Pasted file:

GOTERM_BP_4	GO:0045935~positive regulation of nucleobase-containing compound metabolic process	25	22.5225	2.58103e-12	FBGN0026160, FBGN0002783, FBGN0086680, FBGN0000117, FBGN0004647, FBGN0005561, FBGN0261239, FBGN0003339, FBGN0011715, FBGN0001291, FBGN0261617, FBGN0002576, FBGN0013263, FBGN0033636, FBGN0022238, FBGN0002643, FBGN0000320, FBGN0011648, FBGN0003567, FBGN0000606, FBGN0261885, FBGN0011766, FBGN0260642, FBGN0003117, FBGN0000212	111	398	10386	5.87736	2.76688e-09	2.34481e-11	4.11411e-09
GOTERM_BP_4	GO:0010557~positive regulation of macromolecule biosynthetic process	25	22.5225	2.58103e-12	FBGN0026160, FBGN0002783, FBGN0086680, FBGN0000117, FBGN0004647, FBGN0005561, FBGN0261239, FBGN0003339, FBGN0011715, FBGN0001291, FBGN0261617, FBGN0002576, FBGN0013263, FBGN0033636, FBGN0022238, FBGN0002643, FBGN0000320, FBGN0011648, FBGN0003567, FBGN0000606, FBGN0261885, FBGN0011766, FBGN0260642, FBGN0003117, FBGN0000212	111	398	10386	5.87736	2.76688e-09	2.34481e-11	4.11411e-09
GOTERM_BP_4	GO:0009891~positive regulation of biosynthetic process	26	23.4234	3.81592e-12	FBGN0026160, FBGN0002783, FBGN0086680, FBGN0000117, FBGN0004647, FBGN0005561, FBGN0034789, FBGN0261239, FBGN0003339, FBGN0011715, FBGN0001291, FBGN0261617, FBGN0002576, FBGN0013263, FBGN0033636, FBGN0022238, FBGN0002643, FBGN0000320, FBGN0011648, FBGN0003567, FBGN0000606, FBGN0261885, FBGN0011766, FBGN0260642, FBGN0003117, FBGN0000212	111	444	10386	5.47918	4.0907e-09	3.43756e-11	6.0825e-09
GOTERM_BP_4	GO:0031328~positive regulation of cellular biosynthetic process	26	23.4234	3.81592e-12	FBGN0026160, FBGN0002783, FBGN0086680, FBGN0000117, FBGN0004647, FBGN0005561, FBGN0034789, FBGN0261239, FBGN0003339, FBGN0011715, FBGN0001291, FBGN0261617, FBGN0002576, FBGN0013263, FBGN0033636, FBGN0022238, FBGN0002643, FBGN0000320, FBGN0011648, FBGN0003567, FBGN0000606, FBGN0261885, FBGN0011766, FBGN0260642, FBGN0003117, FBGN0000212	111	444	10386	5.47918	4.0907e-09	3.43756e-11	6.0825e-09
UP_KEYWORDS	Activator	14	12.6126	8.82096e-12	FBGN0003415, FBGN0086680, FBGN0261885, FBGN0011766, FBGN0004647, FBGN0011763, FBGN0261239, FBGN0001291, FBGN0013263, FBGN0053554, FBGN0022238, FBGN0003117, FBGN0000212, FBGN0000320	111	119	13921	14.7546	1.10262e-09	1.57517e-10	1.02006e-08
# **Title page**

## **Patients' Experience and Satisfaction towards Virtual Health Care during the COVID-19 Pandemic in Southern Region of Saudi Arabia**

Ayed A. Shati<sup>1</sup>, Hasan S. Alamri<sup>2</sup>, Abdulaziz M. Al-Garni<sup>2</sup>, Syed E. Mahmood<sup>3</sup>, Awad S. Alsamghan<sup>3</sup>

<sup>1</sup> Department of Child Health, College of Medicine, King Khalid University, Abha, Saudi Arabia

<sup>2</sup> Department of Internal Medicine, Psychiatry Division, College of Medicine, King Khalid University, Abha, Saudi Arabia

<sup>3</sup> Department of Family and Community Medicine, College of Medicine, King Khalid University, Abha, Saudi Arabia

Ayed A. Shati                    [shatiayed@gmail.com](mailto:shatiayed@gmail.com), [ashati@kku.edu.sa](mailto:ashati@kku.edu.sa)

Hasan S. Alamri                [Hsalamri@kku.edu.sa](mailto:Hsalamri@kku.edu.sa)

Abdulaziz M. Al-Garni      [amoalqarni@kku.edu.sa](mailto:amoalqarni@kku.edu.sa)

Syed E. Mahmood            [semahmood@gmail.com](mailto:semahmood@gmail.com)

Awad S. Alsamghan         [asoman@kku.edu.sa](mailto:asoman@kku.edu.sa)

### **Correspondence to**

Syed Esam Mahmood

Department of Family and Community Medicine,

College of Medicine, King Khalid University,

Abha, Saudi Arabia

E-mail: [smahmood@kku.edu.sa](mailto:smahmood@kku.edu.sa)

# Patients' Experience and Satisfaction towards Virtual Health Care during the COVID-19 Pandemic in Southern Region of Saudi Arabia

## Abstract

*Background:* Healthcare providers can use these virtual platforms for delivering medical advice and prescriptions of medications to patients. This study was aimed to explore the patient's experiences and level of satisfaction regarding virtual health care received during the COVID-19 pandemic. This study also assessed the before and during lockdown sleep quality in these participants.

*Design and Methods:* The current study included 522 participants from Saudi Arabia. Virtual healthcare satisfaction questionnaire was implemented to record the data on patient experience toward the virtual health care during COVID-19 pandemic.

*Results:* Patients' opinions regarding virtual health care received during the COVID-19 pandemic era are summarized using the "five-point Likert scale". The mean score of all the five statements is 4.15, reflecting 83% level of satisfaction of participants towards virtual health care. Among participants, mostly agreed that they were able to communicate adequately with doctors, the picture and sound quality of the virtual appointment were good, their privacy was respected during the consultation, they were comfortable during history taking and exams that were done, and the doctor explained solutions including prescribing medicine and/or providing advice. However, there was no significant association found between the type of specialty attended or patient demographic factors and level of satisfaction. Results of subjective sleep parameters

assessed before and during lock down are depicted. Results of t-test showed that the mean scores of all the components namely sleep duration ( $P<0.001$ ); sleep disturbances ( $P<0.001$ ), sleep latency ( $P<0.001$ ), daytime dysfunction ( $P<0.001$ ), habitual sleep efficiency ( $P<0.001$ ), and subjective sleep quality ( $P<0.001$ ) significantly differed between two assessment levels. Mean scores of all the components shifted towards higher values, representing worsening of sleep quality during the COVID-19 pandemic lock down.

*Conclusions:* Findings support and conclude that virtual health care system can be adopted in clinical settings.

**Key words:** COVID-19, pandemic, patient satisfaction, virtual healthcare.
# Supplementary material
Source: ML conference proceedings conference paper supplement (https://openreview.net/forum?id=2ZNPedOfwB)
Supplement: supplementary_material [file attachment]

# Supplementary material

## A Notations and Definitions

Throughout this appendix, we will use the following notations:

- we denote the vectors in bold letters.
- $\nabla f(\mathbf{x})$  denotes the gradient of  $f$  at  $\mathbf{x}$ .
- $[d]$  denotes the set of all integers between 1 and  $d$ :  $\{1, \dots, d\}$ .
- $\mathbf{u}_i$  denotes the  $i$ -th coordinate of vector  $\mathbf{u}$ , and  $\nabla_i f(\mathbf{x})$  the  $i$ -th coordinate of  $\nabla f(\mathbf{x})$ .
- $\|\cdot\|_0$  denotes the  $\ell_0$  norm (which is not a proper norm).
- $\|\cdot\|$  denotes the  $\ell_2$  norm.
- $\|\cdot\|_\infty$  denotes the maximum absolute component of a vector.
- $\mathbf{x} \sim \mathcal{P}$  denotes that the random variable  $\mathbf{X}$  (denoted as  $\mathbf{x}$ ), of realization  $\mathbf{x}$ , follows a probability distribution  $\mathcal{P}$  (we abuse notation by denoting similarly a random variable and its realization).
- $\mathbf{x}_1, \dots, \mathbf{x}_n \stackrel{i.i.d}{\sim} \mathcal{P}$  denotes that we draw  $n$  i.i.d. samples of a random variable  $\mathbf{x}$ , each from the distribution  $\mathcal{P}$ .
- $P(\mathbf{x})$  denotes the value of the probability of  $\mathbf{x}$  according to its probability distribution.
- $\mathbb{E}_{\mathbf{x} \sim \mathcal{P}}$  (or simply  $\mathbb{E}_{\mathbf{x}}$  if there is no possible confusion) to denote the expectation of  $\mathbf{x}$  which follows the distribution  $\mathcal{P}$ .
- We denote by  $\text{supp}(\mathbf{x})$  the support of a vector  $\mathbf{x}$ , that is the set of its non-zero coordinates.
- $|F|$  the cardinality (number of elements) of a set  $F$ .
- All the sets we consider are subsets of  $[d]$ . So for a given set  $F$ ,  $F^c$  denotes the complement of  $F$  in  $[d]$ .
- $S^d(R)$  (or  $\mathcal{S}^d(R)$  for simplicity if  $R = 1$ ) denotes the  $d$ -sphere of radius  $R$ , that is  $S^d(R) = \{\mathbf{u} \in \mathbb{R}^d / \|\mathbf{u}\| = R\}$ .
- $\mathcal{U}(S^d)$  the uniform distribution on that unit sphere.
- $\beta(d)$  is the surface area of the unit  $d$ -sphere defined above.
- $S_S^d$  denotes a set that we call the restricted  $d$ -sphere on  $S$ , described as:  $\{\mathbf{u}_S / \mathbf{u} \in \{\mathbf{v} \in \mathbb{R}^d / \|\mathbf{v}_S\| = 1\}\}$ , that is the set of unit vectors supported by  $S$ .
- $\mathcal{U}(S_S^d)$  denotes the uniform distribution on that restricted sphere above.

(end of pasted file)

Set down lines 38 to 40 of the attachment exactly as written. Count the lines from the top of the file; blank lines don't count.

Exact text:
- $\nabla f(\mathbf{x})$  denotes the gradient of  $f$  at  $\mathbf{x}$ .
- $[d]$  denotes the set of all integers between 1 and  $d$ :  $\{1, \dots, d\}$ .
- $\mathbf{u}_i$  denotes the  $i$ -th coordinate of vector  $\mathbf{u}$ , and  $\nabla_i f(\mathbf{x})$  the  $i$ -th coordinate of  $\nabla f(\mathbf{x})$ .